Pandit Motilal Shastri Memorial Lecture 2022 and Rishi Samman
Ultimate Dialogue is dialogue with self``
Lecture on Rishi Kumar Mishra’s The Ultimate Dialogue
By Prof. Kapil Kapoor
In essence, The Ultimate Dialogue is the dialogue between Arjuna and Krishna in Bhagavad Gita, said Prof. Kapil Kapoor, noted linguist, in his address at the Pandit Motilal Shastri Memorial Lecture on September 28, 2022. Prof. Kapoor was also honoured with Rishi Samman, an award instituted by Shri Shankar Shikshayatan to honour Sanskrit and Vedic scholars who have dedicated their life to the study of veda vijnana.
Shri Shankar Shikshayatan organises the lecture to honour Shastriji on the birth anniversary of its founder, Rishi Kumar Mishra. Mishraji was the chosen disciple of Shastriji.
Standing in Kurukshetra, Arjuna, who all along was eager to engage in a war with Kauravas, was paralysed by a dilemma, became sad and had several questions haunting him. He asked 21 questions to Bhagwan Krishna and if minor questions were also to be included, it would amount to 25 questions in all. If we were to study these questions and their answers, we can understand the deep meaning of Bhagavad Gita. These 21 questions are contained in 700 slokas, 18 chapters and 18 yoga.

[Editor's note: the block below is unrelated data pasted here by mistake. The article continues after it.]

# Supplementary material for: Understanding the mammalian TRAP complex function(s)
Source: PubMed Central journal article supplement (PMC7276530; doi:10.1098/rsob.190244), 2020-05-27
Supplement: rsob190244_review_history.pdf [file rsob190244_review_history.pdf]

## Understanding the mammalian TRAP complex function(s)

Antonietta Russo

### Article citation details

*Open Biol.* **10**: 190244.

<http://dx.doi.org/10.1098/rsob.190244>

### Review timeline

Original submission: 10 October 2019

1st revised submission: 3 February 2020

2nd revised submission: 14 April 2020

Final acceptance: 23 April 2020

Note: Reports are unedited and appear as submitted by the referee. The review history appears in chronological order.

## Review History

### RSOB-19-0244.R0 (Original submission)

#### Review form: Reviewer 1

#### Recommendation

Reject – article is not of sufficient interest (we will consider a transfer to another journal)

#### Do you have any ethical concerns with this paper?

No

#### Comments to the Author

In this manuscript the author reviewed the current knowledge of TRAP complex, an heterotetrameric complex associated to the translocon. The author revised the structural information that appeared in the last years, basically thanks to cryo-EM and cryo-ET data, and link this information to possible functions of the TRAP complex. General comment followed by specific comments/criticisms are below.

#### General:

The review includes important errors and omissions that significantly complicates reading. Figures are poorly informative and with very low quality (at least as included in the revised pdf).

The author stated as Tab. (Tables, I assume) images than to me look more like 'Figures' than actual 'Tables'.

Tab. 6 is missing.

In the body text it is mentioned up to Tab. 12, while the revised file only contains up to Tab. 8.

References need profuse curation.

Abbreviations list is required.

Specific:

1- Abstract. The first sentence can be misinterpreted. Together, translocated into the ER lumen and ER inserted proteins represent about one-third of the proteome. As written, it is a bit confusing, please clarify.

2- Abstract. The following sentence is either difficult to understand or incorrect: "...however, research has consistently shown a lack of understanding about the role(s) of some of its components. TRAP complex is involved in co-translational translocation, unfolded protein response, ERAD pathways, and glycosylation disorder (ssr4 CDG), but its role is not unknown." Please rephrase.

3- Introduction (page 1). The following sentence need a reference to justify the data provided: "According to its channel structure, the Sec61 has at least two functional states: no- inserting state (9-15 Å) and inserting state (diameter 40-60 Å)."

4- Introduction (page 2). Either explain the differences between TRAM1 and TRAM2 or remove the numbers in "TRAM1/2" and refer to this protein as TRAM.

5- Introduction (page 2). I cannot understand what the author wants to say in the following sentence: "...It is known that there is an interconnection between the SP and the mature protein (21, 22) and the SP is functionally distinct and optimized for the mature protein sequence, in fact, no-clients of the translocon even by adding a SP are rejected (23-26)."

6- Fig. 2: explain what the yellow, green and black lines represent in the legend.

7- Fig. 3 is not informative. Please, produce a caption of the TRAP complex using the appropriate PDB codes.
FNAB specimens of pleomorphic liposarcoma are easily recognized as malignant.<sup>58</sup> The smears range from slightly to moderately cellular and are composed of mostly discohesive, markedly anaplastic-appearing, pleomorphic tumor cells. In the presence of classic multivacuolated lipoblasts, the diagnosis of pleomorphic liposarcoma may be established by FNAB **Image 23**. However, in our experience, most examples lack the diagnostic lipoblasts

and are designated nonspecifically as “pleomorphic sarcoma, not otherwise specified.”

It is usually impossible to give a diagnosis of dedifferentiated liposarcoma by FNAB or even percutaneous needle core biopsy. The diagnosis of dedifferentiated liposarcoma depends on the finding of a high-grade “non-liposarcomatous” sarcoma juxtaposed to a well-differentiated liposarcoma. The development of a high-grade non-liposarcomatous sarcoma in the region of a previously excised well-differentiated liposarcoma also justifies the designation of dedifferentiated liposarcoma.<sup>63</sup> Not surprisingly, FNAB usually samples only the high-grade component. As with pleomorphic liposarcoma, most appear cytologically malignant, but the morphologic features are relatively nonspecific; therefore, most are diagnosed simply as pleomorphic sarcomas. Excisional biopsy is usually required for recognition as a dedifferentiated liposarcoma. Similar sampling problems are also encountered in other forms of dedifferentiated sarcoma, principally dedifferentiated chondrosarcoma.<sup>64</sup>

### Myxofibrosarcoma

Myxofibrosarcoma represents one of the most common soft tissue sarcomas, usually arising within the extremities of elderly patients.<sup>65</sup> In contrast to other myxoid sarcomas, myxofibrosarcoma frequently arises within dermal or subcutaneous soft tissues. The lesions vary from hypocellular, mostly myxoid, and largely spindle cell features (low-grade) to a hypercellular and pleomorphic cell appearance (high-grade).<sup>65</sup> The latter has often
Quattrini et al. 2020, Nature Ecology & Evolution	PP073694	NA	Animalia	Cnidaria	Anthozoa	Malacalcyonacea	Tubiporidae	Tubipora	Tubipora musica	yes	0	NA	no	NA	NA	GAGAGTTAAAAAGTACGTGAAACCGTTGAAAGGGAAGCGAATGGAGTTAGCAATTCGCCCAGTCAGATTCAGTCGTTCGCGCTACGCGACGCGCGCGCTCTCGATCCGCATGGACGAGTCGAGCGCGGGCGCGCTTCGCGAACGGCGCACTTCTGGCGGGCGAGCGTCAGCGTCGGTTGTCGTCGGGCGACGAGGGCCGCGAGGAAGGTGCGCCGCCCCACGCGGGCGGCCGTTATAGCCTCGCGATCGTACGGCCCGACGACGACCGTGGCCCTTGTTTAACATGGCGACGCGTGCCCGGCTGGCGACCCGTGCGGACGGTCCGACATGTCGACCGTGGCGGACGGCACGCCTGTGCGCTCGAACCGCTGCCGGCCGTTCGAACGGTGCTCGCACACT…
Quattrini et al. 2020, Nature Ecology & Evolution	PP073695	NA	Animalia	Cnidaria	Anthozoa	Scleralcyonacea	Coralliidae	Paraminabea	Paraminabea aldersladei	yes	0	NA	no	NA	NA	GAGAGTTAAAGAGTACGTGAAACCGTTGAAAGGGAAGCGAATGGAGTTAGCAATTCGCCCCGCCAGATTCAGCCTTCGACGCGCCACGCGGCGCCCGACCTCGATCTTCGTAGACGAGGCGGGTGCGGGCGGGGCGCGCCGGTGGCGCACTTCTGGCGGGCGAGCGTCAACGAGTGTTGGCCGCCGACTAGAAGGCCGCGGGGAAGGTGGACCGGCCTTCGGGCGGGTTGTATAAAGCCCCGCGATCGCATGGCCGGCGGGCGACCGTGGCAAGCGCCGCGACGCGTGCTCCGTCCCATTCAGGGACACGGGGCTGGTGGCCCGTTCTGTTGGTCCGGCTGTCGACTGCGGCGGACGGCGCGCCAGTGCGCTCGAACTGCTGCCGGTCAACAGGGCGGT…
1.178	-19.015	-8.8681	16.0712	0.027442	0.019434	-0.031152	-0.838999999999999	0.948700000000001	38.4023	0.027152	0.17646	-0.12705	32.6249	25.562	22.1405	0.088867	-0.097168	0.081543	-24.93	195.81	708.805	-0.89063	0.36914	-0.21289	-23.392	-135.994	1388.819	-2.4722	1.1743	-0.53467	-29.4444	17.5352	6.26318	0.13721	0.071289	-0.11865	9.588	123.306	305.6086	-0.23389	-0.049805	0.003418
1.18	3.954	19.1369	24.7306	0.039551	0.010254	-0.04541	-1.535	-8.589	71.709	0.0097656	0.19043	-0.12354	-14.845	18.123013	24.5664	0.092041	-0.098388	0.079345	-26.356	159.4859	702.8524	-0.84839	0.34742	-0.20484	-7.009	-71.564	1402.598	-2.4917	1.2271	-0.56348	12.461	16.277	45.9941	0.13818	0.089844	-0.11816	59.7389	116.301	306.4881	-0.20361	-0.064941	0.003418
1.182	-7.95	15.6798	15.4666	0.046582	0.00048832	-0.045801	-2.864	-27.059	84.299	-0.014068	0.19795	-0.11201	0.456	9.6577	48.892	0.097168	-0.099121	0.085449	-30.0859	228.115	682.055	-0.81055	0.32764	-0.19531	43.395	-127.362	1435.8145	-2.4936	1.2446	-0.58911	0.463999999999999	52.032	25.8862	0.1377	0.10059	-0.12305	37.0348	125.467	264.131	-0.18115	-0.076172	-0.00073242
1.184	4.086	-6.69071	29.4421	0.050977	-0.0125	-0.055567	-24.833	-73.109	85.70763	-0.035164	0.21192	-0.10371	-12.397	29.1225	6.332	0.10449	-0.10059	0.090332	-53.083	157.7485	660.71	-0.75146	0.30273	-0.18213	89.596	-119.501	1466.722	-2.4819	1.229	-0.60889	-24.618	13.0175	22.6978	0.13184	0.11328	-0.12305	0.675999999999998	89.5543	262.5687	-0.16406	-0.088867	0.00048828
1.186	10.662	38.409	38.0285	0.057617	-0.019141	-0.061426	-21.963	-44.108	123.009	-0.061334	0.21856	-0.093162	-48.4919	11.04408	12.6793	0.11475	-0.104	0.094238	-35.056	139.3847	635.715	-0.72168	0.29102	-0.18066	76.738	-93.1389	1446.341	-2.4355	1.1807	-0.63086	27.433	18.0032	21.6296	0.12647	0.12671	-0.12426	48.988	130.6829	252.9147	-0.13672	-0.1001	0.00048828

Prof Kapoor explains Arjuna’s dilemma on whether jnana was superior to karma, and if so, he asks Bhagwan Krishna, if jnana was so superior, then why do you ask me to carry out such a heinous act. Bhagwan replies--Jnana is no different from karma. Jnana is also karma. Jnana itself is karma. If that were the case, why does Bhagwan persuade Arjun to follow the path of karma.
Mishraji has vividly explained the meaning of two important terms, buddhi and mana. Mana as sankalp-vikalp, resolution and doubt, and buddhi as nirnayatmaka or decisive. There is a relationship between karma and jnana. Adi Shankaracharya has explained these terms in his Vivekachudamani. Of these paths, if we have to choose one, which path should we take? Which path should Arjuna take? Bhagwan replied that he should take the path of karma. It is superior because jnana is dependent on karma.
How do you understand this? In universal consciousness (chetana), three elements are present, they are in conflict and in fusion. These elements are jnana, karma and buddhi. When these elements, despite conflict and tension, merge, they become consciousness. This consciousness makes us realise that the differences we witness are virtual but not in reality it is a continuous, unbroken existence; there are no differences. In bhedha buddhi, we see only objects. But when we rise above them, we can witness their relationship with each other.
Prof. Kapoor posed that the basic question in Bhagavad Gita revolved around
them. It is related to
anekta or plurality. If Brahma is one, how can Brahma be present in all of us. In our culture, many wisemen have contemplated this question. We can see the differences but not the one unit from where it all emerges. Like waves, droplets and froth in a river are all but water, the whole universe is the elliptical shaped product of Brahman.
Other speakers who spoke on the occasion included prof. Omnath Vimli who dwelt on the meaning of
The meeting was coordinated by Dr Mani Shankar Dwivedi and Dr Lakshmi Kant Vimal of Shri Shankar Shikshayatan.